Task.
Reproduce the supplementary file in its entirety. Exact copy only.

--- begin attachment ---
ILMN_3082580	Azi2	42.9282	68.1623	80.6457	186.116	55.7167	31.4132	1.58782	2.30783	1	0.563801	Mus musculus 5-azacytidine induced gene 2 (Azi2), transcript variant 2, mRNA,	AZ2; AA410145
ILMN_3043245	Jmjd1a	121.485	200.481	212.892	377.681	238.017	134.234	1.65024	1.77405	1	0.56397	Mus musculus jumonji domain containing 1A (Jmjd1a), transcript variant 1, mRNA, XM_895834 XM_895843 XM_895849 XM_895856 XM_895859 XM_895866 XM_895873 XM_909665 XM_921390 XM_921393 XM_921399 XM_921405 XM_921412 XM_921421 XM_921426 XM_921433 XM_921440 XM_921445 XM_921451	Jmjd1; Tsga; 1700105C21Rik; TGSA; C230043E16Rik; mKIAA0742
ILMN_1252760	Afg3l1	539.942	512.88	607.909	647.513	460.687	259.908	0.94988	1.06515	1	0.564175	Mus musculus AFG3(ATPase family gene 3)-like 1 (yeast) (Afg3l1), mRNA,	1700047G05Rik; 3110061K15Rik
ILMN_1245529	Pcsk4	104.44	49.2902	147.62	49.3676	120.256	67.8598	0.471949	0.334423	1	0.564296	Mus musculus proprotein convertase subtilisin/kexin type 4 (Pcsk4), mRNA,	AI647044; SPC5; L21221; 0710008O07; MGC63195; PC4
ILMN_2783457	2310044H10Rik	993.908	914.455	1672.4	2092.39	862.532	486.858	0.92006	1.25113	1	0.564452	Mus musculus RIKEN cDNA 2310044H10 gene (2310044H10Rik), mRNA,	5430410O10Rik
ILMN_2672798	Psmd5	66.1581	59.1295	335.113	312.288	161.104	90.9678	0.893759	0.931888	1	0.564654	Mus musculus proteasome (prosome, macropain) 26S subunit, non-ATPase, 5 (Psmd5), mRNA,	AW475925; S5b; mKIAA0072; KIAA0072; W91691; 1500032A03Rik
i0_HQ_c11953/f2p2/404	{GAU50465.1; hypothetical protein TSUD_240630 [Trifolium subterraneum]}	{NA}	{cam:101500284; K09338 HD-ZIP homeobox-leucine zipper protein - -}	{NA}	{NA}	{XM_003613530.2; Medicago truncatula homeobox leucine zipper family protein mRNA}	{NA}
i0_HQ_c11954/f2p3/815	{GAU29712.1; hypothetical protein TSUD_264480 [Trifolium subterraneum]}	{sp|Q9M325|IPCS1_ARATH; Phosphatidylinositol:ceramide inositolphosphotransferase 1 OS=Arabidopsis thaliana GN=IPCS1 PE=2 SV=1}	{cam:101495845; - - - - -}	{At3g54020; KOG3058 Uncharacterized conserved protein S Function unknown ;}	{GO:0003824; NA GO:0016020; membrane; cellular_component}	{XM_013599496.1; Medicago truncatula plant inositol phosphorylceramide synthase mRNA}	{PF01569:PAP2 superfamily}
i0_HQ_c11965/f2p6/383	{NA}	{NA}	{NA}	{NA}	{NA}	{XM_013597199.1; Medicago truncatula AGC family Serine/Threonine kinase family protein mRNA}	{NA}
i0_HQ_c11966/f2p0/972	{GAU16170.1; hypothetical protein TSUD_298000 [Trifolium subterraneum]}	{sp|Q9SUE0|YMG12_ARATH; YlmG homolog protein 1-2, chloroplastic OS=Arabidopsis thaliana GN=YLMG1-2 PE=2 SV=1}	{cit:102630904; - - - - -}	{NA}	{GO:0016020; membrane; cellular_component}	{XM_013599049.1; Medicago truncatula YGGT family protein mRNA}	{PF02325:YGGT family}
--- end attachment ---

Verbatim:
ILMN_3082580	Azi2	42.9282	68.1623	80.6457	186.116	55.7167	31.4132	1.58782	2.30783	1	0.563801	Mus musculus 5-azacytidine induced gene 2 (Azi2), transcript variant 2, mRNA,	AZ2; AA410145
ILMN_3043245	Jmjd1a	121.485	200.481	212.892	377.681	238.017	134.234	1.65024	1.77405	1	0.56397	Mus musculus jumonji domain containing 1A (Jmjd1a), transcript variant 1, mRNA, XM_895834 XM_895843 XM_895849 XM_895856 XM_895859 XM_895866 XM_895873 XM_909665 XM_921390 XM_921393 XM_921399 XM_921405 XM_921412 XM_921421 XM_921426 XM_921433 XM_921440 XM_921445 XM_921451	Jmjd1; Tsga; 1700105C21Rik; TGSA; C230043E16Rik; mKIAA0742
ILMN_1252760	Afg3l1	539.942	512.88	607.909	647.513	460.687	259.908	0.94988	1.06515	1	0.564175	Mus musculus AFG3(ATPase family gene 3)-like 1 (yeast) (Afg3l1), mRNA,	1700047G05Rik; 3110061K15Rik
ILMN_1245529	Pcsk4	104.44	49.2902	147.62	49.3676	120.256	67.8598	0.471949	0.334423	1	0.564296	Mus musculus proprotein convertase subtilisin/kexin type 4 (Pcsk4), mRNA,	AI647044; SPC5; L21221; 0710008O07; MGC63195; PC4
ILMN_2783457	2310044H10Rik	993.908	914.455	1672.4	2092.39	862.532	486.858	0.92006	1.25113	1	0.564452	Mus musculus RIKEN cDNA 2310044H10 gene (2310044H10Rik), mRNA,	5430410O10Rik
ILMN_2672798	Psmd5	66.1581	59.1295	335.113	312.288	161.104	90.9678	0.893759	0.931888	1	0.564654	Mus musculus proteasome (prosome, macropain) 26S subunit, non-ATPase, 5 (Psmd5), mRNA,	AW475925; S5b; mKIAA0072; KIAA0072; W91691; 1500032A03Rik
i0_HQ_c11953/f2p2/404	{GAU50465.1; hypothetical protein TSUD_240630 [Trifolium subterraneum]}	{NA}	{cam:101500284; K09338 HD-ZIP homeobox-leucine zipper protein - -}	{NA}	{NA}	{XM_003613530.2; Medicago truncatula homeobox leucine zipper family protein mRNA}	{NA}
i0_HQ_c11954/f2p3/815	{GAU29712.1; hypothetical protein TSUD_264480 [Trifolium subterraneum]}	{sp|Q9M325|IPCS1_ARATH; Phosphatidylinositol:ceramide inositolphosphotransferase 1 OS=Arabidopsis thaliana GN=IPCS1 PE=2 SV=1}	{cam:101495845; - - - - -}	{At3g54020; KOG3058 Uncharacterized conserved protein S Function unknown ;}	{GO:0003824; NA GO:0016020; membrane; cellular_component}	{XM_013599496.1; Medicago truncatula plant inositol phosphorylceramide synthase mRNA}	{PF01569:PAP2 superfamily}
i0_HQ_c11965/f2p6/383	{NA}	{NA}	{NA}	{NA}	{NA}	{XM_013597199.1; Medicago truncatula AGC family Serine/Threonine kinase family protein mRNA}	{NA}
i0_HQ_c11966/f2p0/972	{GAU16170.1; hypothetical protein TSUD_298000 [Trifolium subterraneum]}	{sp|Q9SUE0|YMG12_ARATH; YlmG homolog protein 1-2, chloroplastic OS=Arabidopsis thaliana GN=YLMG1-2 PE=2 SV=1}	{cit:102630904; - - - - -}	{NA}	{GO:0016020; membrane; cellular_component}	{XM_013599049.1; Medicago truncatula YGGT family protein mRNA}	{PF02325:YGGT family}